. Signing of Pleadings, Motions, and Other Papers; Representations to Court; Sanctions
1936 Federal Rules of Civil Procedure and Rule 8
(generous in allowing complaint without much detail) were a response to perceived over-strict classification rules of pre-existing pleading regime.
- Pleading had become too technical, reserved to insiders.
- Rule 8 replaced it with easy-to-satisfy requirement ("short and plain statement that pleader is entitled to legal relief").
Current form of Rule 11
has origins in 1980s (1983) as a response to Rule 8
- It was thought that too many abusive/frivolous suits had emerged.
- Plus a perception of too much vexatious legislation.
- But original Rule 11 created its own (new) problems.
Thus, Rule 11 amended again in 1990s to refine the balance:
- "Safe-harbor" provision: violators have 21 days to cure violation once informed by victimized party without sanctions.
- Shift in focus away from compensation to victim of impermissible action to instead a focus on deterring future Rule 11 violations.
- Due to Rule 11's previous promise of attorney’s fees, Rule 11 litigation became too much a part of the process, used too much to try to get attorney’s fees out of losing parties generally.
- Sometimes swamped primary litigation.
- Thus new Rule 11 deters filings under the Rule filings.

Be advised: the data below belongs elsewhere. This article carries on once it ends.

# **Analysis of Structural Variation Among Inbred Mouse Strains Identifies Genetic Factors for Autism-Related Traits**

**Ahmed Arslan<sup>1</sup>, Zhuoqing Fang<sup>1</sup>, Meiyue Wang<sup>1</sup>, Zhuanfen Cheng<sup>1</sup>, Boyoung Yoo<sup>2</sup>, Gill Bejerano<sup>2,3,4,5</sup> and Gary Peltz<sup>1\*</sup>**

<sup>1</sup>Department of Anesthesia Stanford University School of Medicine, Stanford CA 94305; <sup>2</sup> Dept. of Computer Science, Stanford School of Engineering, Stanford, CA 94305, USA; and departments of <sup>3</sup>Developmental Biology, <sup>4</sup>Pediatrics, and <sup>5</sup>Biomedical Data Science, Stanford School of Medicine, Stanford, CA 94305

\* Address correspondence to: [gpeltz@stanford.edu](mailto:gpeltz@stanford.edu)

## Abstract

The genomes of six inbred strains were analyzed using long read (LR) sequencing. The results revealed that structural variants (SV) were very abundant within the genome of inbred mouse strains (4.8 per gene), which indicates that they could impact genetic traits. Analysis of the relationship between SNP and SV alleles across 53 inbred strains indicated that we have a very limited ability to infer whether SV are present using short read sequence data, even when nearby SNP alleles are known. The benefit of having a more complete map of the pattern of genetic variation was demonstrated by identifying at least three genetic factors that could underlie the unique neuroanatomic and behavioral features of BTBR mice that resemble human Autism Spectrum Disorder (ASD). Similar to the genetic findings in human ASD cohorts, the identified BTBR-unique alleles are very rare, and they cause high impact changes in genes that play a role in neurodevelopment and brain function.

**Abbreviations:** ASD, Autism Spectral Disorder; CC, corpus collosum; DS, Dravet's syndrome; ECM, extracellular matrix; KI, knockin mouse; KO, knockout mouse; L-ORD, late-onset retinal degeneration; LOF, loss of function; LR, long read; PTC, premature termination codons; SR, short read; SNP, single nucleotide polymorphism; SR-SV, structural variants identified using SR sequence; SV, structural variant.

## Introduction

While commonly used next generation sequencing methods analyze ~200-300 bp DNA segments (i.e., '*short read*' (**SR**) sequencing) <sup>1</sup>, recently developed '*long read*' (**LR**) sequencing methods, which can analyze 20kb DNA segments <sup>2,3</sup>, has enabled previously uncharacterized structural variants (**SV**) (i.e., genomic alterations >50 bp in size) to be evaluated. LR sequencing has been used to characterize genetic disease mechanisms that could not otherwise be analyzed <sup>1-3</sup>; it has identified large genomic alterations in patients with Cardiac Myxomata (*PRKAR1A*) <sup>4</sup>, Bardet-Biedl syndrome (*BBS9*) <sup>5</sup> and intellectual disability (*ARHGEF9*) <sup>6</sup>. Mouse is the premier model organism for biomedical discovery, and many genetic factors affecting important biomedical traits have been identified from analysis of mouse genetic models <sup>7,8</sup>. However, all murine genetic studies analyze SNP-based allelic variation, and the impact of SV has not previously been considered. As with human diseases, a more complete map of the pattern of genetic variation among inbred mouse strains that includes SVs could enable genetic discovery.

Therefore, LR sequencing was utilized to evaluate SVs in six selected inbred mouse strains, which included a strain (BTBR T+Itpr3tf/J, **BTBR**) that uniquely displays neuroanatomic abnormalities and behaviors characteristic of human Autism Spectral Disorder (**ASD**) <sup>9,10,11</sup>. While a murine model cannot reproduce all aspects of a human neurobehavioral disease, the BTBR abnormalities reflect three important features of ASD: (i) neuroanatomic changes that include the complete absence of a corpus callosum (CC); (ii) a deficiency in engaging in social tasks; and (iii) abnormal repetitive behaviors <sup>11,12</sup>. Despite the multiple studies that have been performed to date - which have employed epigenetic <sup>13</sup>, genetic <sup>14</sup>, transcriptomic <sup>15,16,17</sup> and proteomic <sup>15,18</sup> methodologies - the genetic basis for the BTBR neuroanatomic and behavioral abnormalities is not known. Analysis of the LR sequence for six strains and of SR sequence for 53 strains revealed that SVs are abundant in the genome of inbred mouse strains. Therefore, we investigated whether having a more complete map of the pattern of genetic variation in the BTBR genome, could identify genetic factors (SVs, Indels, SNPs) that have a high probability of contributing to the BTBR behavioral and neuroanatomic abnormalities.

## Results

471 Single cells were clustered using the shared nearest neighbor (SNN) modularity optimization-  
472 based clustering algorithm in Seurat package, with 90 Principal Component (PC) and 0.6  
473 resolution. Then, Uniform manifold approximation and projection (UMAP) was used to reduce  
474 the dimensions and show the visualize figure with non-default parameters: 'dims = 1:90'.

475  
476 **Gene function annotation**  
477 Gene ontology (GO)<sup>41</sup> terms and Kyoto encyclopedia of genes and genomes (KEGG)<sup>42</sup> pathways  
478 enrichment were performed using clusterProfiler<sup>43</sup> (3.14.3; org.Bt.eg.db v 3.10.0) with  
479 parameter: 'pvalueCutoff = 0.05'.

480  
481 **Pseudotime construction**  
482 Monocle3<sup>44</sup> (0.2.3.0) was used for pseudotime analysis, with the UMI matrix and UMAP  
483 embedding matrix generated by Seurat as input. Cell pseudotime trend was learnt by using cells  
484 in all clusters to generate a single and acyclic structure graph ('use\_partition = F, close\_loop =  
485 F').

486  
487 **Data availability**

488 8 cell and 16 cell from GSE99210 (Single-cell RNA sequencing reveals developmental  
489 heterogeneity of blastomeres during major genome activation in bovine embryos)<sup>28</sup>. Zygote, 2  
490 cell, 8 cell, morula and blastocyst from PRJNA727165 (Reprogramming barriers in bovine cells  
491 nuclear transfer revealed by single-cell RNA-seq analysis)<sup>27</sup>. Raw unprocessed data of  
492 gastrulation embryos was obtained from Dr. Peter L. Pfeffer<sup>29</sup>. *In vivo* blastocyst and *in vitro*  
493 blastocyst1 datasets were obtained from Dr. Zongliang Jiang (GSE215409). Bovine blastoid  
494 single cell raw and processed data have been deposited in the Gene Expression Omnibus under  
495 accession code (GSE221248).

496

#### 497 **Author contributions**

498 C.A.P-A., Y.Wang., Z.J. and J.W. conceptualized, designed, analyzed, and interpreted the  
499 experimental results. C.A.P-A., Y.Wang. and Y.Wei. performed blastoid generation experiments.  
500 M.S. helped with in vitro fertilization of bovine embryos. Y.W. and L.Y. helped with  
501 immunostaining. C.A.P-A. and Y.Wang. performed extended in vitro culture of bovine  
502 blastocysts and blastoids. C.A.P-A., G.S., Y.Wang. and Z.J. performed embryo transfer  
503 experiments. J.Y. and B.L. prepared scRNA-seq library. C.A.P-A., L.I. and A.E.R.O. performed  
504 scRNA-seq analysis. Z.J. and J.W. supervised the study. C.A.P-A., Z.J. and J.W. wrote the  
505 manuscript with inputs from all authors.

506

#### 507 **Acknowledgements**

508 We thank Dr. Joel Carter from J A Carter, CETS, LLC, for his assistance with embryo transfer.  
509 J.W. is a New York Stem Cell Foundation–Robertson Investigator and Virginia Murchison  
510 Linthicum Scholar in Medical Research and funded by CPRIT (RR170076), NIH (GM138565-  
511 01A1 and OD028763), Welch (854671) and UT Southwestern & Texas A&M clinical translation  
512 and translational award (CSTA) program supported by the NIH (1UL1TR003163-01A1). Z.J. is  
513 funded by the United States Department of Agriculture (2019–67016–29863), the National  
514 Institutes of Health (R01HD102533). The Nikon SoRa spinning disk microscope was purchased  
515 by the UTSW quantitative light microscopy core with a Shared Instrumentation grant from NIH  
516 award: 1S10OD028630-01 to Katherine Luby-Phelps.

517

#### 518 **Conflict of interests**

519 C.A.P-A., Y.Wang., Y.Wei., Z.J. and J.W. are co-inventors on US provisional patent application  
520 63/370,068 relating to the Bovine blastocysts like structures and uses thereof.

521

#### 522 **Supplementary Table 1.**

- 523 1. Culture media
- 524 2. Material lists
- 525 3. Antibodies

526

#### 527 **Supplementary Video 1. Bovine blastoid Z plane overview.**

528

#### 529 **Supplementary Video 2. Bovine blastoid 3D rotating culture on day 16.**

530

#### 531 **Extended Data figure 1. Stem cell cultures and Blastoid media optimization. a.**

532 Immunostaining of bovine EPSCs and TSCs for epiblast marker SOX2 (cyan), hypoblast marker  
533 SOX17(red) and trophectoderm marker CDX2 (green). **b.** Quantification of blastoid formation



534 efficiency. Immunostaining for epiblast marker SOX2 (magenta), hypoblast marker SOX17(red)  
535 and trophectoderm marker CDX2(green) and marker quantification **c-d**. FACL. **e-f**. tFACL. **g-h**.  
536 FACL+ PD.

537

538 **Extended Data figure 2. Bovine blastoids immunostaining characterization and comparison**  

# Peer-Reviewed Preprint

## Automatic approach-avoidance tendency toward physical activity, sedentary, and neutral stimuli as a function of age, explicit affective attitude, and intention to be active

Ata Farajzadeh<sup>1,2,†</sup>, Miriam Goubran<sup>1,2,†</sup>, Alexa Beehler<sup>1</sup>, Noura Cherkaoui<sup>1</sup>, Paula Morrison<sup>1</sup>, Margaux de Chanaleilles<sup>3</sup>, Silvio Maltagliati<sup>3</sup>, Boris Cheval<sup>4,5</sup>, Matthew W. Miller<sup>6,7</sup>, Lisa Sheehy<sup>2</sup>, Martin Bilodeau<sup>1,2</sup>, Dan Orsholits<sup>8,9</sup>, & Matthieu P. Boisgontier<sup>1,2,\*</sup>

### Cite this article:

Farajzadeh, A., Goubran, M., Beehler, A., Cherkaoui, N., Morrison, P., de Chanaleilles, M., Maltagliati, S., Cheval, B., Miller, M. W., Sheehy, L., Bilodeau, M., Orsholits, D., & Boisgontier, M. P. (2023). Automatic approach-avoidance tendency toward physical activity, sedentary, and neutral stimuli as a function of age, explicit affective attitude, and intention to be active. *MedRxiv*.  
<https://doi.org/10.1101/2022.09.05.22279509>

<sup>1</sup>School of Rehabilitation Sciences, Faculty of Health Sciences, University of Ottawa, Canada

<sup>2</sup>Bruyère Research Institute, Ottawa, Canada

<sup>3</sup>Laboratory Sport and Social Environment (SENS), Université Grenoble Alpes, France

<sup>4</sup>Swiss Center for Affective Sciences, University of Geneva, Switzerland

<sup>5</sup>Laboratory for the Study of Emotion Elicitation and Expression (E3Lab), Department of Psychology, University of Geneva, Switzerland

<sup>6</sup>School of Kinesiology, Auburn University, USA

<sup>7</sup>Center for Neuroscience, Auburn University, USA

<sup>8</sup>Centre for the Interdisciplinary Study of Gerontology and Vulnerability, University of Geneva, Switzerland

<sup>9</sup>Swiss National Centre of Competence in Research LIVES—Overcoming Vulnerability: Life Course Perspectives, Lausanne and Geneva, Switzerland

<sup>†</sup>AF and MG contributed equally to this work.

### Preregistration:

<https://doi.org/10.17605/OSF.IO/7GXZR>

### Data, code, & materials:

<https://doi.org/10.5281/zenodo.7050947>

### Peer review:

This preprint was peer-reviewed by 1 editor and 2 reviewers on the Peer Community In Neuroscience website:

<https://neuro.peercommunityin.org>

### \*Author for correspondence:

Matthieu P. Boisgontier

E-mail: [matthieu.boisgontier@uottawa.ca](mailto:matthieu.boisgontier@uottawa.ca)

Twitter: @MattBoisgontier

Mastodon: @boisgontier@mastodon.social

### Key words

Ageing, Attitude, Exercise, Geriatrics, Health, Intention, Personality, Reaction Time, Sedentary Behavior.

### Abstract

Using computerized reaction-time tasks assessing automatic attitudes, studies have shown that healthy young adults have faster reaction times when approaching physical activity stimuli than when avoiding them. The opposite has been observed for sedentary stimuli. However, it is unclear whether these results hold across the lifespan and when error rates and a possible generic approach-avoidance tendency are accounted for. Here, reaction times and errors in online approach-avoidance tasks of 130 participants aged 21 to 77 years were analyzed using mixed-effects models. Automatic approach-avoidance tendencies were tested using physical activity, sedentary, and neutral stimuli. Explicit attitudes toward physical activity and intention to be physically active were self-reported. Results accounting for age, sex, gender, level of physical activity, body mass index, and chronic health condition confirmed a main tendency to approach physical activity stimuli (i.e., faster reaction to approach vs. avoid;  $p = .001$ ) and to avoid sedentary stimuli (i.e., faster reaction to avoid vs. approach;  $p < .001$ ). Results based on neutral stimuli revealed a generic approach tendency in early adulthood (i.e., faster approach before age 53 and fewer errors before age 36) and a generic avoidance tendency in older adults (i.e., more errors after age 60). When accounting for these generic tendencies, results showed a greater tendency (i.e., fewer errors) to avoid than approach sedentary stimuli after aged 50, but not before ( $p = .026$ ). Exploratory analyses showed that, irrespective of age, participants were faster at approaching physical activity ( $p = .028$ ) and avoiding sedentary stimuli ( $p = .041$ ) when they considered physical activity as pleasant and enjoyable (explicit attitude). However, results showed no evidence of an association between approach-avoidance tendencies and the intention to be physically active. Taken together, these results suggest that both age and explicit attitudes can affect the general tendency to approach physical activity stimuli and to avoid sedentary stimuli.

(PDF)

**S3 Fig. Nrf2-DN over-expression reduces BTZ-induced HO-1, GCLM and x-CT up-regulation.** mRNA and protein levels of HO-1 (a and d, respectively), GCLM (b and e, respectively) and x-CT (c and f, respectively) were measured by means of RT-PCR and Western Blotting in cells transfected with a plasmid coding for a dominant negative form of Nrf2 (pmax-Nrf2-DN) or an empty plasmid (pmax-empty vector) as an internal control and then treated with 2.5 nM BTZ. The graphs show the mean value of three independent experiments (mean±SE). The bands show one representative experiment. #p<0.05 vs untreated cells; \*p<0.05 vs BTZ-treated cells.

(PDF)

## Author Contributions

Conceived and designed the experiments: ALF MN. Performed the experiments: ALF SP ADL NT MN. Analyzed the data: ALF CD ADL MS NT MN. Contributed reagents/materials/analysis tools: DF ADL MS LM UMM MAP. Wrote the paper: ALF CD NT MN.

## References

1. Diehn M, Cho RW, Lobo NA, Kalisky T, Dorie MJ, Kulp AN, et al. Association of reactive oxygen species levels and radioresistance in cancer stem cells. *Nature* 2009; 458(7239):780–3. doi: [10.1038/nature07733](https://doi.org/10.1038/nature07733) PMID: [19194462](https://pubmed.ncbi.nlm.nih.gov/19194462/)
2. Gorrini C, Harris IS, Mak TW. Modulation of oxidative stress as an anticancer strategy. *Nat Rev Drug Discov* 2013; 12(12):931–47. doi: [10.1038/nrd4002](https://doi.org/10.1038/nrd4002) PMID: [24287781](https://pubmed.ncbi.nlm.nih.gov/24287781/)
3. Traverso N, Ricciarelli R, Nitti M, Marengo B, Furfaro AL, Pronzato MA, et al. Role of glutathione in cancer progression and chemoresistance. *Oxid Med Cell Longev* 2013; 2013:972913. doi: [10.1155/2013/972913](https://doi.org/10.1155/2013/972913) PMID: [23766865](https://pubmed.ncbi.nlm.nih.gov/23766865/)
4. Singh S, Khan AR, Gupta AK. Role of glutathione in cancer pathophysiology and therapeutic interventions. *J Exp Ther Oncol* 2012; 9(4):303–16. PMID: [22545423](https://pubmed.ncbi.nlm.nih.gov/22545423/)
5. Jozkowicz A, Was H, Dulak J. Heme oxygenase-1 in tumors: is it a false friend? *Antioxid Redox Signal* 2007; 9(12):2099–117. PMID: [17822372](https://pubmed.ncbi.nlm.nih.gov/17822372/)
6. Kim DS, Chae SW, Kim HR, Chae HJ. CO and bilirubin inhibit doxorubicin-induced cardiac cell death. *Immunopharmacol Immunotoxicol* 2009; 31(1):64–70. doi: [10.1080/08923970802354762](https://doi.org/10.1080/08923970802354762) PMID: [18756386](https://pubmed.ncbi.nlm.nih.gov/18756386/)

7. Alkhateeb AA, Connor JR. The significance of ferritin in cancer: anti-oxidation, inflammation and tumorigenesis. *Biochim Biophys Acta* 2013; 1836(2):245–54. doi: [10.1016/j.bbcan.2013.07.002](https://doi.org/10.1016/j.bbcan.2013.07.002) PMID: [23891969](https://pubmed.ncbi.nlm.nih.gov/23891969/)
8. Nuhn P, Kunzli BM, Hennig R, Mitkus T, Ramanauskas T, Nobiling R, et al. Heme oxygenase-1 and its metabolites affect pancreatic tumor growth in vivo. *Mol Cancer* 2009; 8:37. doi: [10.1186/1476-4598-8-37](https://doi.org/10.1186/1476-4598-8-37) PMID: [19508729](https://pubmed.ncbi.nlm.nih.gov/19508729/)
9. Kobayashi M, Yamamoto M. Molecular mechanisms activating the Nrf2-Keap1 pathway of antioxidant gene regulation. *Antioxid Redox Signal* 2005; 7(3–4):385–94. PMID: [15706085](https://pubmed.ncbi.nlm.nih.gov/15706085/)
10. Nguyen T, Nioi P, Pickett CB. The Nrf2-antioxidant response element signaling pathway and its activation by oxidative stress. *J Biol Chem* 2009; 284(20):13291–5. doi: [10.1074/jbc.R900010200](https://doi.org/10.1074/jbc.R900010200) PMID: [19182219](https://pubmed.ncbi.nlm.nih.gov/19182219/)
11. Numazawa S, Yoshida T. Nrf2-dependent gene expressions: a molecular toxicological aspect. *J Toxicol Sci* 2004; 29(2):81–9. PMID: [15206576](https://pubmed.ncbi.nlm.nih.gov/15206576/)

- Has it gone too far? Too much of a deterrence?
is unusual because it speaks to professional responsibilities:
- Substantive prohibitions track and echo admonitions that already existed in canons of existing ethics rules ("professional responsibility").
- Rule 11(b) prohibits a variety poor and unethical lawyering (Suppl. p. 31, note ambiguities in language, etc.):
- Only filings to court trigger Rule 11, although oral statements can affect liability after first filing. (Yeazell, Note 1a, p. 355.)
- Groundless interrogatory—no, inapplicable to discovery. Instead see sanctions under Rule 26(g). (Yeazell, Note 1bl Suppl. p. 75.)
- Note: Courts can always intervene with sanctions, even without rules. See Yeazell, top of p. 363, including 28 U.S.C. § 1927 ("Counsel's liability for excessive costs"), although each one has own grounds, etc.
- Frivolous paper not only premise of Rule 11 violations (See Yeazell, note 3, top of 356).
- Failure to file amended answer not a violation.
- Re-asserting in oral arguments is a violation, due to later advocacy in pleading. (Question: what happens in discovery?)
- If client’s story is false and demonstrably so, is this a Rule 11 violation? (Yeazell, Note 2a)
- Was "inquiry reasonable under the circumstances"?
- Reasonableness is a contextual inquiry.
- Did client violate Rule 11?
- Textually Rule 11 doesn’t seem to impose obligations on represented parties.
- But see 11(c): parties "who are responsible for the violation."
- Less clear what happens if attorney is "reasonable," but client is not.
- Probably not then a violation by client.